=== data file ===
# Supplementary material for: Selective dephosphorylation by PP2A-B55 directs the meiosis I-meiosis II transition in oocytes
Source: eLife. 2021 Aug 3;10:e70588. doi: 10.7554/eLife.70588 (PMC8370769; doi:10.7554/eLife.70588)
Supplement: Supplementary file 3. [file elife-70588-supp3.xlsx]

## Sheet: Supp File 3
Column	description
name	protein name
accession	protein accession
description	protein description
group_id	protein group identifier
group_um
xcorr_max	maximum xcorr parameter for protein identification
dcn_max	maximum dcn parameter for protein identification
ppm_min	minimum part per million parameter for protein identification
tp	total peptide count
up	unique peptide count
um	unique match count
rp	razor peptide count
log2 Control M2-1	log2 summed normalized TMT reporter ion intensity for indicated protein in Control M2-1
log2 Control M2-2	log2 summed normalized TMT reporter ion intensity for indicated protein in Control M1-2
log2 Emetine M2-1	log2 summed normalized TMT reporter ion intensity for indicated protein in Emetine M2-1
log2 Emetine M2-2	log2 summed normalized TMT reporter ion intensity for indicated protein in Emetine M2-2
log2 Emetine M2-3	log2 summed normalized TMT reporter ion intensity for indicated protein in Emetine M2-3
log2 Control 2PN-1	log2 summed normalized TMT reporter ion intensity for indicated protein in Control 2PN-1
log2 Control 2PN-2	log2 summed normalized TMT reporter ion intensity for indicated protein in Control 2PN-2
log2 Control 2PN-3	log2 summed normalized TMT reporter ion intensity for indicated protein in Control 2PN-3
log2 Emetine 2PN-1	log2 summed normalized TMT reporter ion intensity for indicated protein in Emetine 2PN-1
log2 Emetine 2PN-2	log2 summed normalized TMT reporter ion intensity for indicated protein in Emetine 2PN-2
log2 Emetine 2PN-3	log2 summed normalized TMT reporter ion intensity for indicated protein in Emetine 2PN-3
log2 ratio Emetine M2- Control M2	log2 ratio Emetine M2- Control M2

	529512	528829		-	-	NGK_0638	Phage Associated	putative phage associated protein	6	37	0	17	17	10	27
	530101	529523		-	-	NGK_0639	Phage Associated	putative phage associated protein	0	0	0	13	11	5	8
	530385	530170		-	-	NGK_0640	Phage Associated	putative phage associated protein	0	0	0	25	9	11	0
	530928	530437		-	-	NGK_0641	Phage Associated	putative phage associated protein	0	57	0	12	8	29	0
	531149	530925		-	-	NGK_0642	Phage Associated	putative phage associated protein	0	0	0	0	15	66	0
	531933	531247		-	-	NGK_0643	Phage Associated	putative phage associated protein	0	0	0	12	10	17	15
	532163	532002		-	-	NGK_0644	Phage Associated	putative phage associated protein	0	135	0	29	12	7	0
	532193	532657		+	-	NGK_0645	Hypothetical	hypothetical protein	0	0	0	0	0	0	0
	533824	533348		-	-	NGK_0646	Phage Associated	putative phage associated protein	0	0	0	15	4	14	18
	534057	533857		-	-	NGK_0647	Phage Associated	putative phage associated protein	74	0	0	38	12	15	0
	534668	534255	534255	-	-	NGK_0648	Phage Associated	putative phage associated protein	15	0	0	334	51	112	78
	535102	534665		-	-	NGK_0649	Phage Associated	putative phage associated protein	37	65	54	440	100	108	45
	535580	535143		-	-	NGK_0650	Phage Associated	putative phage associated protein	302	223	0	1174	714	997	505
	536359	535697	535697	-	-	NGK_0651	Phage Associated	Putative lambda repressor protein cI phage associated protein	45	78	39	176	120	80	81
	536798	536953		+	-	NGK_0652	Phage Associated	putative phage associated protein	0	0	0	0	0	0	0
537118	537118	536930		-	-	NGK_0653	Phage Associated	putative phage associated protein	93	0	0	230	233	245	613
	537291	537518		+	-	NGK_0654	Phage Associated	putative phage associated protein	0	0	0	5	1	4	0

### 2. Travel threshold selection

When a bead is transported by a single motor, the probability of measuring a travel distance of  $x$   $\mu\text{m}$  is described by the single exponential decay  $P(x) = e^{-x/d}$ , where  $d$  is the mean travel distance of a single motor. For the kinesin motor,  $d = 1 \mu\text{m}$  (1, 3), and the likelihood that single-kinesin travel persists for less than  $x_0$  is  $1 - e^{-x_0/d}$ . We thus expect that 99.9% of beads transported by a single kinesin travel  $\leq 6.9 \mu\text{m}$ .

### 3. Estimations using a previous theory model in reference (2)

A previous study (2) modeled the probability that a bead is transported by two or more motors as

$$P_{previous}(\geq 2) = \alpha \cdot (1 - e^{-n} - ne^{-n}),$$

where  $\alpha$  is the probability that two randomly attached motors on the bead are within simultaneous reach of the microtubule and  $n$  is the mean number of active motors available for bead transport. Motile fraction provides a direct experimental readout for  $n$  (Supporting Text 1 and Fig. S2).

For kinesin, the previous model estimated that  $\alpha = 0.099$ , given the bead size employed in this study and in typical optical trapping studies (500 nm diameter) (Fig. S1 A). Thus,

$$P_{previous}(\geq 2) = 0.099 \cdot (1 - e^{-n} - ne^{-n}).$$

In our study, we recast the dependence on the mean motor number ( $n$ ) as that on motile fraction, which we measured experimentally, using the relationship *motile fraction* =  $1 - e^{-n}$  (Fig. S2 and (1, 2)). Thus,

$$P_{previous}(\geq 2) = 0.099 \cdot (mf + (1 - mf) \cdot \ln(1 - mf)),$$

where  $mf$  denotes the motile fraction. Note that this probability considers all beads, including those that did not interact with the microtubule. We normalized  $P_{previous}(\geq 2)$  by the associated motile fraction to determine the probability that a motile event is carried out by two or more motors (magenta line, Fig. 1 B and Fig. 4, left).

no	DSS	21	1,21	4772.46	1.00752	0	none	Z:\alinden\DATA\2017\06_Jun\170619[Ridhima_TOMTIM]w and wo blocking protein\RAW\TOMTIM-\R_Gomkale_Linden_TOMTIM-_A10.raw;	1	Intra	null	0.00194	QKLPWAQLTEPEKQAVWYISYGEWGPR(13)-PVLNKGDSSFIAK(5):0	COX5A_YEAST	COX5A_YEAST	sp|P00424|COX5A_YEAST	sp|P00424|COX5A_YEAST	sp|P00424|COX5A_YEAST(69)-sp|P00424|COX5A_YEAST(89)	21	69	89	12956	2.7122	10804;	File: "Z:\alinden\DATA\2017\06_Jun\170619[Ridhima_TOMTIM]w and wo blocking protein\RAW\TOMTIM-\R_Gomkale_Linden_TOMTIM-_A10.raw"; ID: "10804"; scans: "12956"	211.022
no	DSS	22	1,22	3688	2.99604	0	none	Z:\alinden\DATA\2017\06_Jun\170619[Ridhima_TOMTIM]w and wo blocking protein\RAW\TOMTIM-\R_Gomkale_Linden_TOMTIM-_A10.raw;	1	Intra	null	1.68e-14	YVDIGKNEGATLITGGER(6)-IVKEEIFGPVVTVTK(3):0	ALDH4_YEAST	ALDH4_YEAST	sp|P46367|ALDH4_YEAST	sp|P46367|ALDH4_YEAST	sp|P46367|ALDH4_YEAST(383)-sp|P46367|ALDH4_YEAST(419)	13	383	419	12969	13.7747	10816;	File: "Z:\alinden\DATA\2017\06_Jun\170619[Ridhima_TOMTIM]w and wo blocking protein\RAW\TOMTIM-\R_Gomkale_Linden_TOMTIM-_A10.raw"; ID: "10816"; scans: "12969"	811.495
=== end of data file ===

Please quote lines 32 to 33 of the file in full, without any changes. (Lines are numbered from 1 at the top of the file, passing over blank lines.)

	530385	530170		-	-	NGK_0640	Phage Associated	putative phage associated protein	0	0	0	25	9	11	0
	530928	530437		-	-	NGK_0641	Phage Associated	putative phage associated protein	0	57	0	12	8	29	0